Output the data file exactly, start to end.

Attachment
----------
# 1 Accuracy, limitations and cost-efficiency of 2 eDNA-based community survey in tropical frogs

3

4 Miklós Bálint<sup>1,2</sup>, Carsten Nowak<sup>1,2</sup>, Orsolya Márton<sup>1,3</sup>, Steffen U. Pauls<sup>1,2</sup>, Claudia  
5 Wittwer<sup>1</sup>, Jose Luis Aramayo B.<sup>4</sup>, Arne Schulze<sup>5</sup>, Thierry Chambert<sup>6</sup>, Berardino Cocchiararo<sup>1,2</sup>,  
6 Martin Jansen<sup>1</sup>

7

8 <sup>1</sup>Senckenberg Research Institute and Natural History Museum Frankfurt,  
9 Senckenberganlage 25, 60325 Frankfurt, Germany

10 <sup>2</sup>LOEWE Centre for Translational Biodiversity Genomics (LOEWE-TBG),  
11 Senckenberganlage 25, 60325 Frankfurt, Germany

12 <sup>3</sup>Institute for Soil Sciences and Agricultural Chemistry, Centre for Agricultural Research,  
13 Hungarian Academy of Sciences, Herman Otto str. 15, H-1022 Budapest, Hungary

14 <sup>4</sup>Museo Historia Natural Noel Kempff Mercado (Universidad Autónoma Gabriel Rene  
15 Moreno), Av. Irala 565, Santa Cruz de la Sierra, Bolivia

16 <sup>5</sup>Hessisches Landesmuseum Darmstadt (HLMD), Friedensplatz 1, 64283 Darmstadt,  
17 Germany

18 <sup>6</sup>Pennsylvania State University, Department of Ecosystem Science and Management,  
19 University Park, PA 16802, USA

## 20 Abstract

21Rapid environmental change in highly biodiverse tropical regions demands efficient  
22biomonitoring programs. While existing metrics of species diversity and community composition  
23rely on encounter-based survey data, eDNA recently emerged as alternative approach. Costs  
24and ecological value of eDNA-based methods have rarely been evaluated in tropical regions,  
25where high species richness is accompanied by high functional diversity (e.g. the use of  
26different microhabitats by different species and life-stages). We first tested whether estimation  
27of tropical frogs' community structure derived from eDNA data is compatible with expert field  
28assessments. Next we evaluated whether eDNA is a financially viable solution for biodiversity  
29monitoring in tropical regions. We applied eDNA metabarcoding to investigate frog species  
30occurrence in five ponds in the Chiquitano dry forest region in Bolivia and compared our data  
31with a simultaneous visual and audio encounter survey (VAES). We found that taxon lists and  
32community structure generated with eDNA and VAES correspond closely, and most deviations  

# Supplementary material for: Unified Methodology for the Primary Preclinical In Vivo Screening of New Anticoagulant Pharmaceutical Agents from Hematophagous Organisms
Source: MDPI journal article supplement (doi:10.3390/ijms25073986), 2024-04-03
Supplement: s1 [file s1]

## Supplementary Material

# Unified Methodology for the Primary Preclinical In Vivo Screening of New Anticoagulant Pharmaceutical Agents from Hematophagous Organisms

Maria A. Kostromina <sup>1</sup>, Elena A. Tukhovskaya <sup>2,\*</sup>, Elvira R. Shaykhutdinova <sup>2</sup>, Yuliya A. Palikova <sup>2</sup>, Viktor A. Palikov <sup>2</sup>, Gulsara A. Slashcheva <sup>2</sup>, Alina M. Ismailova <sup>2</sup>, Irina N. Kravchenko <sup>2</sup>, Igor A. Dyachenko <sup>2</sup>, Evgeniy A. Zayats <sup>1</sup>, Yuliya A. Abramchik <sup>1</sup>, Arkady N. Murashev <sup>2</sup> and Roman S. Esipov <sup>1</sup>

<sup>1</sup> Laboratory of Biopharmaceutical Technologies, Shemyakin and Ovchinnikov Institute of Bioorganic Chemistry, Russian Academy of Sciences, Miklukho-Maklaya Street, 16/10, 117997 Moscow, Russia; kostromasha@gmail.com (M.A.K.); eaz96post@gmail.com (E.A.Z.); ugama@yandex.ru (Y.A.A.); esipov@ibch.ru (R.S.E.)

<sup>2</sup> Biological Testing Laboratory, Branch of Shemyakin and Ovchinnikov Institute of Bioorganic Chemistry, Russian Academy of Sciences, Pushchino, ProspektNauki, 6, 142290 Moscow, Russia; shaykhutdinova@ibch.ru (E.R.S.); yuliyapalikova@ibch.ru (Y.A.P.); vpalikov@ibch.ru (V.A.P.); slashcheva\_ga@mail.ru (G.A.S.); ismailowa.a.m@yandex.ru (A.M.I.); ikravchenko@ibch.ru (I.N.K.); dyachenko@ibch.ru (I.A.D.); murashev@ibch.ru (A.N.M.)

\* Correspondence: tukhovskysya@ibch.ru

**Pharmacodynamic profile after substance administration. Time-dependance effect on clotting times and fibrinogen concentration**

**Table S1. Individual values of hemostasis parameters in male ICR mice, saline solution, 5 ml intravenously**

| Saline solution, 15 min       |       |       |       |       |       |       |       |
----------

# 1 Accuracy, limitations and cost-efficiency of 2 eDNA-based community survey in tropical frogs

3

4 Miklós Bálint<sup>1,2</sup>, Carsten Nowak<sup>1,2</sup>, Orsolya Márton<sup>1,3</sup>, Steffen U. Pauls<sup>1,2</sup>, Claudia  
5 Wittwer<sup>1</sup>, Jose Luis Aramayo B.<sup>4</sup>, Arne Schulze<sup>5</sup>, Thierry Chambert<sup>6</sup>, Berardino Cocchiararo<sup>1,2</sup>,  
6 Martin Jansen<sup>1</sup>

7

8 <sup>1</sup>Senckenberg Research Institute and Natural History Museum Frankfurt,  
9 Senckenberganlage 25, 60325 Frankfurt, Germany

10 <sup>2</sup>LOEWE Centre for Translational Biodiversity Genomics (LOEWE-TBG),  
11 Senckenberganlage 25, 60325 Frankfurt, Germany

12 <sup>3</sup>Institute for Soil Sciences and Agricultural Chemistry, Centre for Agricultural Research,  
13 Hungarian Academy of Sciences, Herman Otto str. 15, H-1022 Budapest, Hungary

14 <sup>4</sup>Museo Historia Natural Noel Kempff Mercado (Universidad Autónoma Gabriel Rene  
15 Moreno), Av. Irala 565, Santa Cruz de la Sierra, Bolivia

16 <sup>5</sup>Hessisches Landesmuseum Darmstadt (HLMD), Friedensplatz 1, 64283 Darmstadt,  
17 Germany

18 <sup>6</sup>Pennsylvania State University, Department of Ecosystem Science and Management,  
19 University Park, PA 16802, USA

## 20 Abstract

21Rapid environmental change in highly biodiverse tropical regions demands efficient  
22biomonitoring programs. While existing metrics of species diversity and community composition  
23rely on encounter-based survey data, eDNA recently emerged as alternative approach. Costs  
24and ecological value of eDNA-based methods have rarely been evaluated in tropical regions,  
25where high species richness is accompanied by high functional diversity (e.g. the use of  
26different microhabitats by different species and life-stages). We first tested whether estimation  
27of tropical frogs' community structure derived from eDNA data is compatible with expert field  
28assessments. Next we evaluated whether eDNA is a financially viable solution for biodiversity  
29monitoring in tropical regions. We applied eDNA metabarcoding to investigate frog species  
30occurrence in five ponds in the Chiquitano dry forest region in Bolivia and compared our data  
31with a simultaneous visual and audio encounter survey (VAES). We found that taxon lists and  
32community structure generated with eDNA and VAES correspond closely, and most deviations  

# Supplementary material for: Unified Methodology for the Primary Preclinical In Vivo Screening of New Anticoagulant Pharmaceutical Agents from Hematophagous Organisms
Source: MDPI journal article supplement (doi:10.3390/ijms25073986), 2024-04-03
Supplement: s1 [file s1]

## Supplementary Material

# Unified Methodology for the Primary Preclinical In Vivo Screening of New Anticoagulant Pharmaceutical Agents from Hematophagous Organisms

Maria A. Kostromina <sup>1</sup>, Elena A. Tukhovskaya <sup>2,\*</sup>, Elvira R. Shaykhutdinova <sup>2</sup>, Yuliya A. Palikova <sup>2</sup>, Viktor A. Palikov <sup>2</sup>, Gulsara A. Slashcheva <sup>2</sup>, Alina M. Ismailova <sup>2</sup>, Irina N. Kravchenko <sup>2</sup>, Igor A. Dyachenko <sup>2</sup>, Evgeniy A. Zayats <sup>1</sup>, Yuliya A. Abramchik <sup>1</sup>, Arkady N. Murashev <sup>2</sup> and Roman S. Esipov <sup>1</sup>

<sup>1</sup> Laboratory of Biopharmaceutical Technologies, Shemyakin and Ovchinnikov Institute of Bioorganic Chemistry, Russian Academy of Sciences, Miklukho-Maklaya Street, 16/10, 117997 Moscow, Russia; kostromasha@gmail.com (M.A.K.); eaz96post@gmail.com (E.A.Z.); ugama@yandex.ru (Y.A.A.); esipov@ibch.ru (R.S.E.)

<sup>2</sup> Biological Testing Laboratory, Branch of Shemyakin and Ovchinnikov Institute of Bioorganic Chemistry, Russian Academy of Sciences, Pushchino, ProspektNauki, 6, 142290 Moscow, Russia; shaykhutdinova@ibch.ru (E.R.S.); yuliyapalikova@ibch.ru (Y.A.P.); vpalikov@ibch.ru (V.A.P.); slashcheva\_ga@mail.ru (G.A.S.); ismailowa.a.m@yandex.ru (A.M.I.); ikravchenko@ibch.ru (I.N.K.); dyachenko@ibch.ru (I.A.D.); murashev@ibch.ru (A.N.M.)

\* Correspondence: tukhovskysya@ibch.ru

**Pharmacodynamic profile after substance administration. Time-dependance effect on clotting times and fibrinogen concentration**

**Table S1. Individual values of hemostasis parameters in male ICR mice, saline solution, 5 ml intravenously**

| Saline solution, 15 min       |       |       |       |       |       |       |       |